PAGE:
Thursday, December 9, 2010

Chrome OS vs. The Tablet

So a lot has happened over the last year in the mobile tech space -- the first iPad was released, iPhone 4 came out, Android has spent the year racking up market share, Windows Phone 7 started selling and many other tablet-like devices are now being teased about from lots of companies including Samsung and RIM.

Tonight, when attempting to open Chrome using Quicksilver (yes, I still use Quicksilver - it's awesome!), I accidentally opened a document sitting on my hard drive written on January 3rd, 2010. This file was a draft of an article I was hoping to put on the blog around that time. Well, apparently I forgot about it and it's been collecting dust ever since.

Almost a year later, I just read through it and was surprised how prescient it turned out to be. Just as a matter of interest, I've included it below. Keep in mind that at the time it was written, we hadn't seen the iPad and had only recently seen teasers of the Chrome OS.


I think we can all agree that there's tablet craziness going on, with everyone and their brother making predictions about the new device. I'm not going to do that.

Instead, I'd like to think about the tablet from another vantage point - what it will likely represent and who its competitors likely are. I was thinking about this when I read Ars Technica's Google interview on Chrome OS. Something that I've sort of known in the back of my head for a while started to become clear - the Tablet is probably meant to compete in the same category as netbooks and Chrome OS. For those unfamiliar with the term, netbooks are small, light-weight, long battery life computers primarily used for internet software. Chrome OS is Google's operating system meant to run on netbooks and provide a Google experience where everything essentially runs like tabs in a browser - it's meant to replace Windows.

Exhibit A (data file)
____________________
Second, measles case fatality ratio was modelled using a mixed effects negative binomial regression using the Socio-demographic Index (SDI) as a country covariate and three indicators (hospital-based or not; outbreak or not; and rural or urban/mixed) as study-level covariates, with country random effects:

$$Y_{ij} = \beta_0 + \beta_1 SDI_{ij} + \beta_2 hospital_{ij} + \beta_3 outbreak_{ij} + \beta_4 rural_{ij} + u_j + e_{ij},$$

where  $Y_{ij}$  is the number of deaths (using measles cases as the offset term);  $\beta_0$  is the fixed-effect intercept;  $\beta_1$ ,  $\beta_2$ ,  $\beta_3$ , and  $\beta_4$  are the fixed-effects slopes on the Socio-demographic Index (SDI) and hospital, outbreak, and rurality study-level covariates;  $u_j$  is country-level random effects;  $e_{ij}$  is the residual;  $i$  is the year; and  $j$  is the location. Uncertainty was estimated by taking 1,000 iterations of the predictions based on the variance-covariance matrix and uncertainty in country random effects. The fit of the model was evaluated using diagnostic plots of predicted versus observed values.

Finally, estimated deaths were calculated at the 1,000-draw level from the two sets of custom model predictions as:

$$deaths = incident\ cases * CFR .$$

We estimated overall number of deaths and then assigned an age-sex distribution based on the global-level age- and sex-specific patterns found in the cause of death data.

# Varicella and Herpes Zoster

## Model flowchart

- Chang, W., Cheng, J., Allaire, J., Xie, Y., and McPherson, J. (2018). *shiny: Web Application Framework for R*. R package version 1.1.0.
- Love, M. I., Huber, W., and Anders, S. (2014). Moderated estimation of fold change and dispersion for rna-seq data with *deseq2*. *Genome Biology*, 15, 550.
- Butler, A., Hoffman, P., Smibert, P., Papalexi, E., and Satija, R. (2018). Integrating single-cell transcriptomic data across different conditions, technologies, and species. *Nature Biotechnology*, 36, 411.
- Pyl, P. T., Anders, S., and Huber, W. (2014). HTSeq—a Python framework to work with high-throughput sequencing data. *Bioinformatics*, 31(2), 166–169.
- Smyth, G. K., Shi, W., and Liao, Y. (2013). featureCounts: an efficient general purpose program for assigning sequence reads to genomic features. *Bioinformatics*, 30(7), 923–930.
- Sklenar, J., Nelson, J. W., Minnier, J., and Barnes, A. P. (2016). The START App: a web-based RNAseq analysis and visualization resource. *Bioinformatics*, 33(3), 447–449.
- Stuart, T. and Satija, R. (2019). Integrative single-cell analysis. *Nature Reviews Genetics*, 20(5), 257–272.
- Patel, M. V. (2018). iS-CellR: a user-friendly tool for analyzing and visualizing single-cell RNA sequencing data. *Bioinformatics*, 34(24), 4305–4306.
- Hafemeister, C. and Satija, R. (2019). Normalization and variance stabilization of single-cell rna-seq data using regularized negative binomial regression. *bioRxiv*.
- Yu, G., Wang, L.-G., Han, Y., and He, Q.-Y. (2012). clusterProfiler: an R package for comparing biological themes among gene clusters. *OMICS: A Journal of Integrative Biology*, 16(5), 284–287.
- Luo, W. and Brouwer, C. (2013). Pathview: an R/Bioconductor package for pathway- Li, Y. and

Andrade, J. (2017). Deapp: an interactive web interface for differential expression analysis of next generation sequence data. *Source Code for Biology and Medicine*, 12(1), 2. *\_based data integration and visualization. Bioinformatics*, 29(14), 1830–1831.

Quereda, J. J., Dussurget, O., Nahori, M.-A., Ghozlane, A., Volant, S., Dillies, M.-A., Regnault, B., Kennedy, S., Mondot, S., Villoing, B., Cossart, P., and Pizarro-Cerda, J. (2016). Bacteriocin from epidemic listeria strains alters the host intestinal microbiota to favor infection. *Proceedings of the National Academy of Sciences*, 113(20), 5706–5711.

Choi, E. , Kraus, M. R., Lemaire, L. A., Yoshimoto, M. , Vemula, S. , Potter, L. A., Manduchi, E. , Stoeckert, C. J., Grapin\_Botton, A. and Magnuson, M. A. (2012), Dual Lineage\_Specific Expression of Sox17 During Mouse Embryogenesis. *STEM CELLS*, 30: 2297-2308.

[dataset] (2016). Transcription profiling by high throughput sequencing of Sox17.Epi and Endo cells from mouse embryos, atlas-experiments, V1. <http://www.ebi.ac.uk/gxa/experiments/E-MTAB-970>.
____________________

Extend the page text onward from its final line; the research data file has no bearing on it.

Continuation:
Now, having said that, I think it's interesting to note that netbooks and Chrome OS are really just an extension of the current UI paradigm of a mouse and standard keyboard. As such, they have to deal with a problem that the Tablet will not face - confusion about what people are getting. Is it just a small laptop? If so, why can't I install the same applications I use on my PC?"

Matthew Papakipos from Google pretty much sums it up in the interview:
"There was this thing last Christmas where OEMs sold a lot of machines that weren't running Windows and ended up getting a high return rate because they weren't very clear in their advertising and materials on the box about the fact that Windows wasn't on there. So people would bring it home and say, "Oh, I'm going to install World of Warcraft" and they'd go "Wait a minute, what is this?"

So there was some stuff like that out there. The thing that this has convinced us of is that we need to be really clear with people when they buy a Chrome OS machine that it's not a Windows machine. We do need to be really clear about that. We don't want you to end up getting a machine for Christmas and it's not one that's going to work out for you.

If you want a Windows machine you should buy a Windows machine. If you really want to use Photoshop, you should buy a Windows workstation.

But it is challenging—we haven't figured this all out. We really need to make it clear to you when you buy a machine online or in a store that this is a Web machine; it's not a Windows machine. It doesn't run Photoshop, it doesn't run WoW. What it does is get on the Web. And a lot of that we're still figuring out."


You see, by design, this isn't a problem that Apple has to deal with. The Tablet will likely look more like a large iPhone (a well-recognized brand unto itself) than a laptop. And the software running on it will look more like iPhone software than Windows. So all someone has to do is look at this thing and know - that's not a small laptop.

I often find that when I'm working (designing, coding, or even building a room in my basement), if I hit a situation where things just don't feel right - there's a reason for it. I start to think I should really question some notions that I'm taking for granted and take an alternate route. In the quote above, I feel that same friction. The voice in my head is saying "What about the design that I've chosen is causing this issue? Where can I fundamentally re-think my design so that this goes away?"

So, as a tip to Google, I'd like to offer the notion that will likely hit them if it hasn't already - Apple has already figured out the answer to this problem and you're likely going to adapt the Android OS to follow its lead.